February '23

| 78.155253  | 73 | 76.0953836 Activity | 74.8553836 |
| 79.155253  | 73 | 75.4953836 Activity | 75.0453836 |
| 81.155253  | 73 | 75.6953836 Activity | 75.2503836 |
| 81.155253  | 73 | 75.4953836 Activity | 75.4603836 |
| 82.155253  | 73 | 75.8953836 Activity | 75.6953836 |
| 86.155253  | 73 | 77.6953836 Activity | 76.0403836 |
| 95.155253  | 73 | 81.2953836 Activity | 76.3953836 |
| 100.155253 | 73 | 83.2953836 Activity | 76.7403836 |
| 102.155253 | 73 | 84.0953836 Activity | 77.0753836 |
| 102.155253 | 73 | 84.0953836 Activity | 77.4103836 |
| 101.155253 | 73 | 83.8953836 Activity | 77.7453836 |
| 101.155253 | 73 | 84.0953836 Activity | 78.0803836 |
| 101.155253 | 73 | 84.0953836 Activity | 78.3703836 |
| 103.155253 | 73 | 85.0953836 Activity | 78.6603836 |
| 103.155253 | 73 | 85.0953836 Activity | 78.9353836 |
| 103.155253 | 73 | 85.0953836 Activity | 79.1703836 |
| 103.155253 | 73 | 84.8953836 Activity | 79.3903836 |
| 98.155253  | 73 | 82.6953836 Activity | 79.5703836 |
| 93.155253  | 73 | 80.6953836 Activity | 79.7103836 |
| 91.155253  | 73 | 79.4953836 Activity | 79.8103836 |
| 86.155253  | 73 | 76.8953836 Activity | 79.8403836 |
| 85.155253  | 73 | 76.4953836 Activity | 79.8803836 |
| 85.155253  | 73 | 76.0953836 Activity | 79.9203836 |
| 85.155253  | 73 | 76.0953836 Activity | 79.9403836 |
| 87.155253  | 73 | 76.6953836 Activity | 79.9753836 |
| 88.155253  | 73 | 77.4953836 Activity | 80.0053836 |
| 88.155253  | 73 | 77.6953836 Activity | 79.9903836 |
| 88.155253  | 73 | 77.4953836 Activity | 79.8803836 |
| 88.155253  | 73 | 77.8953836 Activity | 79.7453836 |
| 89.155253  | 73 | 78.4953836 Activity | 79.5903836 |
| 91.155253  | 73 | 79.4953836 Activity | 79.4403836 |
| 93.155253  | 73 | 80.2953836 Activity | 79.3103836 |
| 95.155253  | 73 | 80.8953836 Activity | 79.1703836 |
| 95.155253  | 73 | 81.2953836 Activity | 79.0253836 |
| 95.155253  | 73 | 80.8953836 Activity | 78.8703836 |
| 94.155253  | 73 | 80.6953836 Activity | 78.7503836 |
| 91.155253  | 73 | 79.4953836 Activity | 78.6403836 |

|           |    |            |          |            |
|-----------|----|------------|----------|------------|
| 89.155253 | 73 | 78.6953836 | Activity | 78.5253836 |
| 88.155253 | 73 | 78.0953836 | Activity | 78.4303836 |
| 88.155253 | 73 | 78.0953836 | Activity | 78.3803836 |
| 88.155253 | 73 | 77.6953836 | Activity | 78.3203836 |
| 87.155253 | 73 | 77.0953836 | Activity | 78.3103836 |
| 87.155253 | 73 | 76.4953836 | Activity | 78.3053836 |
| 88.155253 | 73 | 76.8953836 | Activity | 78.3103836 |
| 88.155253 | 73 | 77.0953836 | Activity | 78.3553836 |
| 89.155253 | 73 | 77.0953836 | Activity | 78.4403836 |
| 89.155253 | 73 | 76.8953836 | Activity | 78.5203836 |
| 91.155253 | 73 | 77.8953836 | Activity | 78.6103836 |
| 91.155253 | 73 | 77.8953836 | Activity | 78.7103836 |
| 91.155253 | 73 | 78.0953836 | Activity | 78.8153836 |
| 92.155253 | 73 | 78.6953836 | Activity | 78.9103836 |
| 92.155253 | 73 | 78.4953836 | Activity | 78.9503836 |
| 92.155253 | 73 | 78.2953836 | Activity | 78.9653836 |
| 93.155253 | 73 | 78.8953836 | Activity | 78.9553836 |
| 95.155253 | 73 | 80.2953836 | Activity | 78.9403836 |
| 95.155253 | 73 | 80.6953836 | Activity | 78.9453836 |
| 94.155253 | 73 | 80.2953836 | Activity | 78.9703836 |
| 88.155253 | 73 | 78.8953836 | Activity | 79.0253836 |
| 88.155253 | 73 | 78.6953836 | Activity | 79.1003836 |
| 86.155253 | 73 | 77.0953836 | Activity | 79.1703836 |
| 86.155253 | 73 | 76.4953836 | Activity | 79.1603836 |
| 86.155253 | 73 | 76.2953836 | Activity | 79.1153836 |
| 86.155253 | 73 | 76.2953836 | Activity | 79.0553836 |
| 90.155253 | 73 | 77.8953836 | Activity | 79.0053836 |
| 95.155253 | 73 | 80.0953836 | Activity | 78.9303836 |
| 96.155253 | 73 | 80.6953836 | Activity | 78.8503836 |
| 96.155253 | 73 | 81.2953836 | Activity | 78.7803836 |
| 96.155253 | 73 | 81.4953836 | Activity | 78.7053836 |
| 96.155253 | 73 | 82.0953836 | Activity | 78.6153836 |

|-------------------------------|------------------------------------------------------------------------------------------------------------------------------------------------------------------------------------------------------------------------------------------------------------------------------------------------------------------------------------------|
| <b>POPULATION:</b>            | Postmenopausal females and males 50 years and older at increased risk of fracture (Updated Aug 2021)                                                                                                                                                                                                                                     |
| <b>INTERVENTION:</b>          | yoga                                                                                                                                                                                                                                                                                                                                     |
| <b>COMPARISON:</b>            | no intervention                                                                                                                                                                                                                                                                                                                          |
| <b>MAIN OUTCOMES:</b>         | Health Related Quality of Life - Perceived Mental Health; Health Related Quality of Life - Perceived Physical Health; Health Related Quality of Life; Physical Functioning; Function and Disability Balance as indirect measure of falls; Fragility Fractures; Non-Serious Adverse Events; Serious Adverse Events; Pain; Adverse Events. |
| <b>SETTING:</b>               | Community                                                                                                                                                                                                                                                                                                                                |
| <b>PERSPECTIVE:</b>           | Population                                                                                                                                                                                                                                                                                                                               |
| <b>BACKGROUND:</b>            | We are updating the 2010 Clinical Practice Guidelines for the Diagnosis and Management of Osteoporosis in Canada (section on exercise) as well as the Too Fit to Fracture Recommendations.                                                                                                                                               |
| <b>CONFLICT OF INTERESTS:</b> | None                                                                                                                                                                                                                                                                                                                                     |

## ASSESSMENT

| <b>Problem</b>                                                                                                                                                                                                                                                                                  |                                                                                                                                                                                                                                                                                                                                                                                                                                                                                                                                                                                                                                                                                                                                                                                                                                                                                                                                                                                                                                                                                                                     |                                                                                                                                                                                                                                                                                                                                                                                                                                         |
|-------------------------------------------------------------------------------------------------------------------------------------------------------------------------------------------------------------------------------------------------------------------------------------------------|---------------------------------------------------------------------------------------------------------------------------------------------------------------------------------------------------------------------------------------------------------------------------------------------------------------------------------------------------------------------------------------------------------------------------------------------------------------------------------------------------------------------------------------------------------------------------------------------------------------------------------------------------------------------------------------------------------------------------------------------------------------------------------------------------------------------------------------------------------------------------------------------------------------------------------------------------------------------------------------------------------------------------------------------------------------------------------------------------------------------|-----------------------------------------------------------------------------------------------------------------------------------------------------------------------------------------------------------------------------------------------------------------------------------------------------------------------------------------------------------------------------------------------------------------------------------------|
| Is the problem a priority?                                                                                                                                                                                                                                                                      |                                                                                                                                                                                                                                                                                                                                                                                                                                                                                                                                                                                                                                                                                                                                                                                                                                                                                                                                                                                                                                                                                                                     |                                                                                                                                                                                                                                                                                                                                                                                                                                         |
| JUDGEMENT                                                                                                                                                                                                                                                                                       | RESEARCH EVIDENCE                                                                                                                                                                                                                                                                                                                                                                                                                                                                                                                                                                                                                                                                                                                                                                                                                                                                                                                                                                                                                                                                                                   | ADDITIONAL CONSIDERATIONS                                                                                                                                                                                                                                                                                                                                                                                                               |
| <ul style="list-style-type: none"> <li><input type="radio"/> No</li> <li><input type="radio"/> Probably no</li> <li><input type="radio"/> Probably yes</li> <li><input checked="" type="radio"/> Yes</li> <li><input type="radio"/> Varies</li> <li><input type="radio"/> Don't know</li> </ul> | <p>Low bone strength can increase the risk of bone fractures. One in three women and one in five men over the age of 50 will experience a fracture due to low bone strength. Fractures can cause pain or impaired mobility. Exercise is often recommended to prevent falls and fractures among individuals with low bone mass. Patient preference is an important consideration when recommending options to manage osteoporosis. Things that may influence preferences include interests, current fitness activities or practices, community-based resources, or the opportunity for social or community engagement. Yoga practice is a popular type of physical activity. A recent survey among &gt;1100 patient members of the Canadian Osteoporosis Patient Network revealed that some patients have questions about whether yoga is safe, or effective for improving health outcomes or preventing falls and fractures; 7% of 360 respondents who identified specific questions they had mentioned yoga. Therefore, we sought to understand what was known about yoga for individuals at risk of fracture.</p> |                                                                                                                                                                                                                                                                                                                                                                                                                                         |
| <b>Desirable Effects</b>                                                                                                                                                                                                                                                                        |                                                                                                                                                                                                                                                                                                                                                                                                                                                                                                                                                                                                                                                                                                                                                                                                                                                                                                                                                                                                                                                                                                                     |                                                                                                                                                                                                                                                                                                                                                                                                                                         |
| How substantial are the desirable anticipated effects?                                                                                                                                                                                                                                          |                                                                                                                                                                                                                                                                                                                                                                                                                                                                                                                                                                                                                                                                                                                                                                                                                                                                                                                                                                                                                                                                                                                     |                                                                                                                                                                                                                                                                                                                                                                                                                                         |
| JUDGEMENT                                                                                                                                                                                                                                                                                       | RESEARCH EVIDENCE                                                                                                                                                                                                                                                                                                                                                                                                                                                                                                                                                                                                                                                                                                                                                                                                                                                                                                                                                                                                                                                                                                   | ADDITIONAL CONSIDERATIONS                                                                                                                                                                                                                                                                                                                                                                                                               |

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G R A P H I C S - P R O. C O M F E B R U A R Y 2 0 2 3 • G R A P H I C S P R O 7 9 ese are the 15 steps to create a typi- cal custom-embroidered order. If you put a 10,000-stitch design on that product, and you charged just $10 for that embroi- dery, it is difficult to see where or how you made any profit. If each step above (other than actually running the design on the machine) took you only one min- ute, a mere 60 seconds, you would have invested 15 minutes in the order above and beyond the time it takes to actually embroider the product. If you ran your machine at 1,000 stitches/minute, you would also have 10 minutes in sewing time invested in this order. To throw a monkey wrench in the works, let's be a bit more realistic about the amount of time each of the steps above takes. • Meet with the customer — this can take anywhere from a few minutes to a few hours, depending on the situation. • Create a quote — a few minutes if it is just for one product with one design. en there are those orders with many prod- ucts with a variety of designs on them. Quoting those orders will take consider- ably longer. • Order inventory — fingers crossed that you get lucky with the first supplier you try. • Verify the inventory — more fin- ger crossing here in the hopes that you received exactly what you ordered. • Digitize the design — this definitely takes more than a minute, unless you work with an awesome digitizer and you just need to pop off an email to them with the properly prepared artwork. • Sew out — a few minutes to load the correct thread colors and at least 10 min- utes to sew the design. • Sew out approval — hurry up and wait, and wait, and wait… • Stabilize, hoop, and sew — 10 min- utes per run at least, assuming you have no thread breads and no empty bobbins — like that ever happens. • Finishing — tear, trim, fold, tag, and bag the products as necessary. • Box the order — get it ready for pickup, delivery, or shipping. • Invoicing — pull up the quote and add in the digitizing, shipping, and any other extra services fees, such as tagging or bagging. • Contact the customer via phone or email once the order is complete. • Post payment — make the bank run — oh happy day. • Get the products into the hands of your customer. Every single minute working with a cus- tomer needs to be accounted for and built into your process. If this process takes an hour or more from start to finish, that needs to be factored into your pricing. Because I know that so many apparel dec- oration professionals overlook the amount of time that goes into each order beyond the sewing time, I am sharing some ways to help you track and evaluate the time that goes into each of your jobs: • Track your time in five-minute incre- ments. at will build in a bit of a buf- fer for you. • Track your time in three major con- tent buckets: º Consultations: All customer-facing meetings or calls, including time spent creating materials and samples. º Prep work: All emails, design creation, creating and updating order details, vendor communications, etc. º Production: e time you spend run- ning the order on your equipment and finishing the order, including packing. • Use a time tracking app to make it easy. I love the time tracking feature inside of Honeybook, but Toggl is a good free option! • Don't wait — start now! is is my biggest tip. Even if time tracking sounds overwhelming, I assure you that it will help you better understand if you are even pricing yourself for profit in the first place! As we move ahead into 2023, under- standing where your time is spent is going to be one of the most important parts of your business. And trust me, you will thank me later when your business is more profitable! GP If you are basing your pricing on stitch count alone, I suspect that you have very little profits in the bank after any orders you complete. Not considering your time as a cost is hurting your business.

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